Inês Ferreira Guedes, finalist of FameLab Portugal, returned to the podiums with a magnificent second place in the international Science Communication contest – Hall of FameLab – at the Natural History Museum in London, last Friday.
In the first year that the national organization of FameLab was involved in partnerships with Universities and Centros de Ciência Viva from all over the country, Inês Guedes participated in the regional round in Lisbon, organized by NOVA Medical School and Pavilhão do Conhecimento, bringing her unexpected international recognition.
- What made you participate in FameLab Portugal?
FameLab is a concept that I have in my life since the beginning of my academic life. However, it started to take form only last year when a friend of mine properly presented it to me, and showed me that it might be the ideal contest for me, as it challenges me in what I love most: Science Communication.
- What meaning does your participation in this Science Communication contest have for you?
All of it! I am a person of many crafts: from animation to investigation, passing through sports and theatre, there are numerus things that I love and do regularly. FameLab reminded me that communicating science must continue on my plans of what I must and want to do for many many years to come.
- What value did this initiative add to your path?
Participating in a contest like FameLab is a constant challenge. The butterflies that took over my stomach when I sent the screening video where swollen my reptiles that invaded me when I went to the round at NOVA Medical School. The birds that overtook the reptile fluttered madly in my stomach when from the regional round, I stepped on the stage of Coliseu dos Recreios. It’s indescribable the Zoo I felt during those months. But better than that Zoo was the experience that I had, the contacts I made and the people I met during those months.
- How did you take the invitation to participate in the Hall of FameLab in London?
Curiously, in the moment that I was invited, I was at the beach with a friend of mine who, even more curious, was the winner of the 2018 edition of FameLab. The enthusiasm was so that I lost my phone in the sand. Luckily, I was not around water… But even if I was, I still had no idea what was waiting for me.
- What was the work that you presented in the Hall of FameLab?
After a lot of thinking, in the Hall of FameLab, I told the story of the first sea turtle that I met. It was called Mydas and it was a green turtle… When I found it, the enthusiasm was so to see this long-awaited creature I didn’t even notice that something was wrong. Along with the team, I started to do exactly what I was told to try and save it. Mydas died. When we preformed the necropsy, it took us few minutes to understand what had happened. Mydas ingested so much plastic that it died of an inflamed gastric system. I always dreamt of the day that I would see a free sea turtle for the first time. The nightmare that it became made me think about it, of all that this entails and, above all else, talk about it till this day. In the 28th September 2018, I told the story of Mydas at the European Researchers' Night to all that were hilling to hear, leaving the alert that we have to do something urgent relating to our Planet and its conservation.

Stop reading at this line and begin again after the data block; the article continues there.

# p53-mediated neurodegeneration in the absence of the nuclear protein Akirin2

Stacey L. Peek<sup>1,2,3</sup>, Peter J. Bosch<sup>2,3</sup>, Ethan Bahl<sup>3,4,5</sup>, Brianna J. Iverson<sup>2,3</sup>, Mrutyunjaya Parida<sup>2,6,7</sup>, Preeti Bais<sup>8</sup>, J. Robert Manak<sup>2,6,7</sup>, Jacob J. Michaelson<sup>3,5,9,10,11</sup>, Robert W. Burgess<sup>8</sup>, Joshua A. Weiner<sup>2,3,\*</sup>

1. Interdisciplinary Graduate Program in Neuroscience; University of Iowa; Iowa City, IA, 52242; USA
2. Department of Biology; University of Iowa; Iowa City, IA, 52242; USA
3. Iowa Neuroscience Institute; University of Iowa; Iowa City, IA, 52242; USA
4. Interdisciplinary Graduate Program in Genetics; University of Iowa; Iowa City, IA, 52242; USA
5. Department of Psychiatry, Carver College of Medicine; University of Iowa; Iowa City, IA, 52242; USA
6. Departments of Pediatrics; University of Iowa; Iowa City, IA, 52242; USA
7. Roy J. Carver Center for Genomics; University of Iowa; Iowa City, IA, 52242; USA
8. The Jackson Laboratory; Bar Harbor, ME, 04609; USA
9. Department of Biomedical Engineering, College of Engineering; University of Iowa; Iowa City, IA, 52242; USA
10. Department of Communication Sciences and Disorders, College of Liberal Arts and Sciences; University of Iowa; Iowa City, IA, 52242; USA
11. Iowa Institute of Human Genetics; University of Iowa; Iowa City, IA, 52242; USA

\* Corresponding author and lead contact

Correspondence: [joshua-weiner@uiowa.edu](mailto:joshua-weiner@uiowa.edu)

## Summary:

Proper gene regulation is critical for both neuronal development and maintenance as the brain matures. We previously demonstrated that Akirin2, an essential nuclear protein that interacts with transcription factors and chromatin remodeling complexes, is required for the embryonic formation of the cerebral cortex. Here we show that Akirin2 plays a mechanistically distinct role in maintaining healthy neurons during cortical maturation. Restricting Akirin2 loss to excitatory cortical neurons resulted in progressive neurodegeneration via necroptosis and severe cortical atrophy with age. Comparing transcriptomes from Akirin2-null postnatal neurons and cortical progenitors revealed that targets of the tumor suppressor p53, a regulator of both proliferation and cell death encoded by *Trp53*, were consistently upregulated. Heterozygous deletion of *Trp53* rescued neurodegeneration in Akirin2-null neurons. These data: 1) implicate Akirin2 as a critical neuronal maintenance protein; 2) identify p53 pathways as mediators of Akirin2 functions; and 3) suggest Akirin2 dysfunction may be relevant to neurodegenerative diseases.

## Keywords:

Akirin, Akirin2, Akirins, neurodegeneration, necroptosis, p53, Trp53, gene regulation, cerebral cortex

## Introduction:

- In your opinion, what are the main challenges of Science Communication?
Winning the audience is, with no doubt, the fundamental challenge in science communication. Talking to an unknown audience and finding elements take make them interested in what we have to say isn’t always easy to do. Producing accessible content to any audience is also an enormous challenge. Sometimes, things that are obvious to the specialists may not make sense or, at least, may not flow in the minds of the general public. Making themes, concepts or specific terminologies accessible to the public is a constant challenge.
- How can Science Communication make a difference in our society?
Right now, I believe it makes all the difference. I think about it a lot and believe we have reached a point in which the distance between science professionals (may it be from whichever branch), as well as its knowledge’s, has to be immensely reduced. If we do not communicate what science discovers, firstly, we stop being recognised for what we do. Secondly, I believe that science must be accessible to all, and for that it has to be uncomplicated. Uncomplicating science is a mission that has to be more and more frequent.
Inês Ferreira Guedes holds a degree in Biology from the University of Aveiro, where she also took her Master’s Degree in Marine Biology. During her academic training she was able to develop part of her project at the Natural History Museum, in London. Currently, Inês is a Manager of Nature Experiences at Ozadi Tavira Hotal and the principal proponent of Viagens Pelo Nosso Mundo, a collection of children’s science books.